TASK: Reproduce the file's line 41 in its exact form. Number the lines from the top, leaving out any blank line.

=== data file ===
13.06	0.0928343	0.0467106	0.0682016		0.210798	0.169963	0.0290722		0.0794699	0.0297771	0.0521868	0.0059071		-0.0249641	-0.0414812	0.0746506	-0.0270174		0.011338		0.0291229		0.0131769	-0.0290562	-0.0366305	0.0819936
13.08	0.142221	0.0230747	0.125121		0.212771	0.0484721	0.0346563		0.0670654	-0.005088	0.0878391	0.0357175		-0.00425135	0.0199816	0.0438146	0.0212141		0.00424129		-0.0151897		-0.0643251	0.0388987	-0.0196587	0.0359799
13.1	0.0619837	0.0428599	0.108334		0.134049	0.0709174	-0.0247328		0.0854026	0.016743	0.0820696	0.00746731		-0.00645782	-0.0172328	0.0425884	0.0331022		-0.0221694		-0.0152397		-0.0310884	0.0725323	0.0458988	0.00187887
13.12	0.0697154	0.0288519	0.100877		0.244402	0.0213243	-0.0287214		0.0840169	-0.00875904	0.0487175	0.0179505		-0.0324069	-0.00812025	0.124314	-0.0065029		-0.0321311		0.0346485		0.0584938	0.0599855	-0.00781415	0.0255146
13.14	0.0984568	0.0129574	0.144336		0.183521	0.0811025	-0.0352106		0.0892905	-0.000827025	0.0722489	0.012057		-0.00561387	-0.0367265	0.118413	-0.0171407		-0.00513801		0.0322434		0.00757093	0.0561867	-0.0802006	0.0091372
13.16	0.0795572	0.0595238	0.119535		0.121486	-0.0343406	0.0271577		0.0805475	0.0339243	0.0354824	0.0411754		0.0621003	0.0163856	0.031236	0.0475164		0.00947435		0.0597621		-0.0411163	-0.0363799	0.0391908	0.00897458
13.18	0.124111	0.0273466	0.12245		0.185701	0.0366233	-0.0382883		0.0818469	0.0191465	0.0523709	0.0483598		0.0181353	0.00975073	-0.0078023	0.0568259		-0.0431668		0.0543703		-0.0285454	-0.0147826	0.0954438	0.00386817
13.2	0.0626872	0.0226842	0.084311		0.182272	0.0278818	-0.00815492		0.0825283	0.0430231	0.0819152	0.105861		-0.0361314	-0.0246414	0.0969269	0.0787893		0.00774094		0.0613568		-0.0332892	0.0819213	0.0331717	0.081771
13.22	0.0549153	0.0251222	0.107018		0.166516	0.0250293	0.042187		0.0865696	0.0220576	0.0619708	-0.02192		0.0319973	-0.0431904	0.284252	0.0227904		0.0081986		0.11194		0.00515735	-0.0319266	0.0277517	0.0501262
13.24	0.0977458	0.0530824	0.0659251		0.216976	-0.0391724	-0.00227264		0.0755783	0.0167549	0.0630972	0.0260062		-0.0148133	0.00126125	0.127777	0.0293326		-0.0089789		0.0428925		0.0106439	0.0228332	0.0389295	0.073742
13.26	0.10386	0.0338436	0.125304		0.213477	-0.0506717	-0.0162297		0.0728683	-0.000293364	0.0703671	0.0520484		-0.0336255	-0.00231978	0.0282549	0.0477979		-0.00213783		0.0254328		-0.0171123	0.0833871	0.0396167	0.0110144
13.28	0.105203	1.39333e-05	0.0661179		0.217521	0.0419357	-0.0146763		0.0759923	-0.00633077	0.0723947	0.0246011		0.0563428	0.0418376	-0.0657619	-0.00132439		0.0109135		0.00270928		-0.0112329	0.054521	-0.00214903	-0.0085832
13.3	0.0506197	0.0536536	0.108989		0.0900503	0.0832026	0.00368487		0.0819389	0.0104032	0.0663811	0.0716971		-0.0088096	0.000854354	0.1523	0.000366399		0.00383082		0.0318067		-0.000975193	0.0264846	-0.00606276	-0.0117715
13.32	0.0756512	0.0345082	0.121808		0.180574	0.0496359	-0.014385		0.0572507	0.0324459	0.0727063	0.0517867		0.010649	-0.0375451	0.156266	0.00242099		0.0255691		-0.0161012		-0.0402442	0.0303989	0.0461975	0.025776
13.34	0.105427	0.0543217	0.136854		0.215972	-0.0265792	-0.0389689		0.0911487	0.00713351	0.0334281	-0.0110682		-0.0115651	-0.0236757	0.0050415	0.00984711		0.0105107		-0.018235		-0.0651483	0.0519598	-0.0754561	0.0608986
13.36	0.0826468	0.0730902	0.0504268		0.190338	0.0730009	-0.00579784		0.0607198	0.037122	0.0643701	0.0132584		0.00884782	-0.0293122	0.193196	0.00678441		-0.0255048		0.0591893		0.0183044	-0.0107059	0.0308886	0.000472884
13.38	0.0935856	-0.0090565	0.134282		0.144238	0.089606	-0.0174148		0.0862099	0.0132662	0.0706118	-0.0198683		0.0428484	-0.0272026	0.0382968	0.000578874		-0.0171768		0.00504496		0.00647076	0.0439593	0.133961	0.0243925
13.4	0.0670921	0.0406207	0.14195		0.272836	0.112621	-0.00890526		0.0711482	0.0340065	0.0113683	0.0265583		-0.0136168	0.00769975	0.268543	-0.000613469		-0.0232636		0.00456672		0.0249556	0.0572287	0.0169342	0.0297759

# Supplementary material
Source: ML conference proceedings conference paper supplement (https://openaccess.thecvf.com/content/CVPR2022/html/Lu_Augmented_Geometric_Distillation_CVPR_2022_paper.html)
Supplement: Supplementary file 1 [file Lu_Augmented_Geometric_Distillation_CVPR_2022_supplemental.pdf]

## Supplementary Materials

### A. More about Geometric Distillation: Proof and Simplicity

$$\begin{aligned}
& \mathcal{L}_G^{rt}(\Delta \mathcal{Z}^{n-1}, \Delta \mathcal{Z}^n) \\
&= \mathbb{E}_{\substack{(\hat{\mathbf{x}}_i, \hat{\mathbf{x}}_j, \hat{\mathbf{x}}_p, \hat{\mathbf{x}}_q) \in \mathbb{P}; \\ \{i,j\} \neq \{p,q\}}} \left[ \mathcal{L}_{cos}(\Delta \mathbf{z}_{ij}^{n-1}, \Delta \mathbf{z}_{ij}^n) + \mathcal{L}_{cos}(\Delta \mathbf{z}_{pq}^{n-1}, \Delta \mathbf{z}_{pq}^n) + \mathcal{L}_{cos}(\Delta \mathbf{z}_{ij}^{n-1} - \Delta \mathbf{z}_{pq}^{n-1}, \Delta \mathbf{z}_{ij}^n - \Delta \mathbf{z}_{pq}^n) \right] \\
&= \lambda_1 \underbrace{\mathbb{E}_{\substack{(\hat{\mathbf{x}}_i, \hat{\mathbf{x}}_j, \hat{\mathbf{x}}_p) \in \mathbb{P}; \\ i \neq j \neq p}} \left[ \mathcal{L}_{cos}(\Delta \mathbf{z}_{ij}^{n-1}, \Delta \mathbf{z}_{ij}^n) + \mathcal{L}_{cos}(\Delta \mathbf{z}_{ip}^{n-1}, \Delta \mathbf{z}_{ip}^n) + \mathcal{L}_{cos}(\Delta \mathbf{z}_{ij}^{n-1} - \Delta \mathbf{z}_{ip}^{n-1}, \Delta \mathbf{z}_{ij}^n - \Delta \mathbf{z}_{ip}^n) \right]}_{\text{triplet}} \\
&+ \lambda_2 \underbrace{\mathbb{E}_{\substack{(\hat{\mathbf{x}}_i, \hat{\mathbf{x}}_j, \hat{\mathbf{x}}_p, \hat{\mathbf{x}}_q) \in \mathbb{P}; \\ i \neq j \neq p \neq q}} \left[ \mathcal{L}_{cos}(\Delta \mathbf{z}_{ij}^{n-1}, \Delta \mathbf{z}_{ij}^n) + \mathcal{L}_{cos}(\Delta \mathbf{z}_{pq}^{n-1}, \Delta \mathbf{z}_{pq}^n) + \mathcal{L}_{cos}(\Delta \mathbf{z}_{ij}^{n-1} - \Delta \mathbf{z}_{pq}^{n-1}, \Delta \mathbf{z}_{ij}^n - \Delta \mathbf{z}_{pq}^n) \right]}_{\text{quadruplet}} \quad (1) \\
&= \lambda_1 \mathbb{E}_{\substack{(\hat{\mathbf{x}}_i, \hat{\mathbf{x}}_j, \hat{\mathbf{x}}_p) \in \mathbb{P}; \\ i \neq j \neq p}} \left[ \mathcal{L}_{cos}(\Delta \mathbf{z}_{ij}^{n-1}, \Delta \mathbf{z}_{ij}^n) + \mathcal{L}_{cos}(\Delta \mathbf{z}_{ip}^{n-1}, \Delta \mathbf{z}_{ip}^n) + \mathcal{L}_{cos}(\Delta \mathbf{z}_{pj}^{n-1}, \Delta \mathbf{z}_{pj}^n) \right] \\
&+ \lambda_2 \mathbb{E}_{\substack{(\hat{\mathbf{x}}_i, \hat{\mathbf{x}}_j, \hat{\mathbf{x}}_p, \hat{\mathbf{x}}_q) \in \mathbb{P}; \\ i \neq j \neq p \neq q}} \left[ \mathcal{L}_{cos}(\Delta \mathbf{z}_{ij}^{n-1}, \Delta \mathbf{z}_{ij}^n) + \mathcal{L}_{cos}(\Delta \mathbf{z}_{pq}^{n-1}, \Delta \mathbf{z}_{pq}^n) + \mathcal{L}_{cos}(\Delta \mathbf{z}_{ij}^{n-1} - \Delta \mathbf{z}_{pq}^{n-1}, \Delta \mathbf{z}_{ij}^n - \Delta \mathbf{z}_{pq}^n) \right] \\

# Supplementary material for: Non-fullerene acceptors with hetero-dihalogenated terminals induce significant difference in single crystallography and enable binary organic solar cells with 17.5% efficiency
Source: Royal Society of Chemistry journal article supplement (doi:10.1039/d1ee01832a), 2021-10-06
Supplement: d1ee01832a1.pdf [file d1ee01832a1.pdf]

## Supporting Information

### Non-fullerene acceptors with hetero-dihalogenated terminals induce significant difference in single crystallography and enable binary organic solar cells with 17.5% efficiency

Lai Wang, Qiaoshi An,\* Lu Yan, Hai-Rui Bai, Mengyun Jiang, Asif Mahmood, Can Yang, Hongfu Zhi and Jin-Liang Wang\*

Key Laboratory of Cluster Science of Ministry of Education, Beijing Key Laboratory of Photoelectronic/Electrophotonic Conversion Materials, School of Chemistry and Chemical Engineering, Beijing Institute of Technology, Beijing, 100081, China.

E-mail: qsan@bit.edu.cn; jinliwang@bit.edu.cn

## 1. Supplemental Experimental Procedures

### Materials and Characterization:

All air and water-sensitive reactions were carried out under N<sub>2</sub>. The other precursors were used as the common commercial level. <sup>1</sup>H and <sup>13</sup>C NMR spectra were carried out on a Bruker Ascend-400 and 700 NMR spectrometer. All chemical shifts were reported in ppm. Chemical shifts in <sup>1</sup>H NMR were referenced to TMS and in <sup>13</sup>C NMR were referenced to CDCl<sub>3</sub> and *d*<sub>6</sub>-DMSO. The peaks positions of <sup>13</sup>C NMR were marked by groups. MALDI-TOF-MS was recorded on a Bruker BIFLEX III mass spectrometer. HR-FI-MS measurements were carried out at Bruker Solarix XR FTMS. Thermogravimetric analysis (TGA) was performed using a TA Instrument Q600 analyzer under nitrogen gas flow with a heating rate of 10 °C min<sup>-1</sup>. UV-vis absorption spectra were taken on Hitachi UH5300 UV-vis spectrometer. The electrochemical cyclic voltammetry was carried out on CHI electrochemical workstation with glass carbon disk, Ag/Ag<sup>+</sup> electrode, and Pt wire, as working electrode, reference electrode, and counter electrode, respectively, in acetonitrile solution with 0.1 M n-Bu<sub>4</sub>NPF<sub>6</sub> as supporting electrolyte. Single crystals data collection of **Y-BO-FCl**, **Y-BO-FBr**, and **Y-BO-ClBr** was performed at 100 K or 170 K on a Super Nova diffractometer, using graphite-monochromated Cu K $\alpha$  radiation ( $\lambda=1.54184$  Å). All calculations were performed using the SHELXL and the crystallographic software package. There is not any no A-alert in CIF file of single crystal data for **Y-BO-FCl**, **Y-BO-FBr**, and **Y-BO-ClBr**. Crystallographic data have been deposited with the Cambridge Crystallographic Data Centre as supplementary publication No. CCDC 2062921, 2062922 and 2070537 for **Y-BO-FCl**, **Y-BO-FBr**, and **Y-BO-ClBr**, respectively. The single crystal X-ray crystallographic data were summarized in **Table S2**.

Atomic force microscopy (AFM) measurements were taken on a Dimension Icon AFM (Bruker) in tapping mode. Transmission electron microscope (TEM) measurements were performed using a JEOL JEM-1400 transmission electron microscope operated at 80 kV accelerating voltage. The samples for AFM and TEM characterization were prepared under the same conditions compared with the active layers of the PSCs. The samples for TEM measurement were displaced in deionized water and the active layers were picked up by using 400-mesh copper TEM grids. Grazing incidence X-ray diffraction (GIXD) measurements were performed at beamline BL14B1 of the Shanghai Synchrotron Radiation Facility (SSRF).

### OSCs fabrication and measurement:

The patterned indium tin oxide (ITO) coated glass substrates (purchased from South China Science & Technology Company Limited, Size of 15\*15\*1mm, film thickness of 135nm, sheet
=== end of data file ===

All air and water-sensitive reactions were carried out under N<sub>2</sub>. The other precursors were used as the common commercial level. <sup>1</sup>H and <sup>13</sup>C NMR spectra were carried out on a Bruker Ascend-400 and 700 NMR spectrometer. All chemical shifts were reported in ppm. Chemical shifts in <sup>1</sup>H NMR were referenced to TMS and in <sup>13</sup>C NMR were referenced to CDCl<sub>3</sub> and *d*<sub>6</sub>-DMSO. The peaks positions of <sup>13</sup>C NMR were marked by groups. MALDI-TOF-MS was recorded on a Bruker BIFLEX III mass spectrometer. HR-FI-MS measurements were carried out at Bruker Solarix XR FTMS. Thermogravimetric analysis (TGA) was performed using a TA Instrument Q600 analyzer under nitrogen gas flow with a heating rate of 10 °C min<sup>-1</sup>. UV-vis absorption spectra were taken on Hitachi UH5300 UV-vis spectrometer. The electrochemical cyclic voltammetry was carried out on CHI electrochemical workstation with glass carbon disk, Ag/Ag<sup>+</sup> electrode, and Pt wire, as working electrode, reference electrode, and counter electrode, respectively, in acetonitrile solution with 0.1 M n-Bu<sub>4</sub>NPF<sub>6</sub> as supporting electrolyte. Single crystals data collection of **Y-BO-FCl**, **Y-BO-FBr**, and **Y-BO-ClBr** was performed at 100 K or 170 K on a Super Nova diffractometer, using graphite-monochromated Cu K $\alpha$  radiation ( $\lambda=1.54184$  Å). All calculations were performed using the SHELXL and the crystallographic software package. There is not any no A-alert in CIF file of single crystal data for **Y-BO-FCl**, **Y-BO-FBr**, and **Y-BO-ClBr**. Crystallographic data have been deposited with the Cambridge Crystallographic Data Centre as supplementary publication No. CCDC 2062921, 2062922 and 2070537 for **Y-BO-FCl**, **Y-BO-FBr**, and **Y-BO-ClBr**, respectively. The single crystal X-ray crystallographic data were summarized in **Table S2**.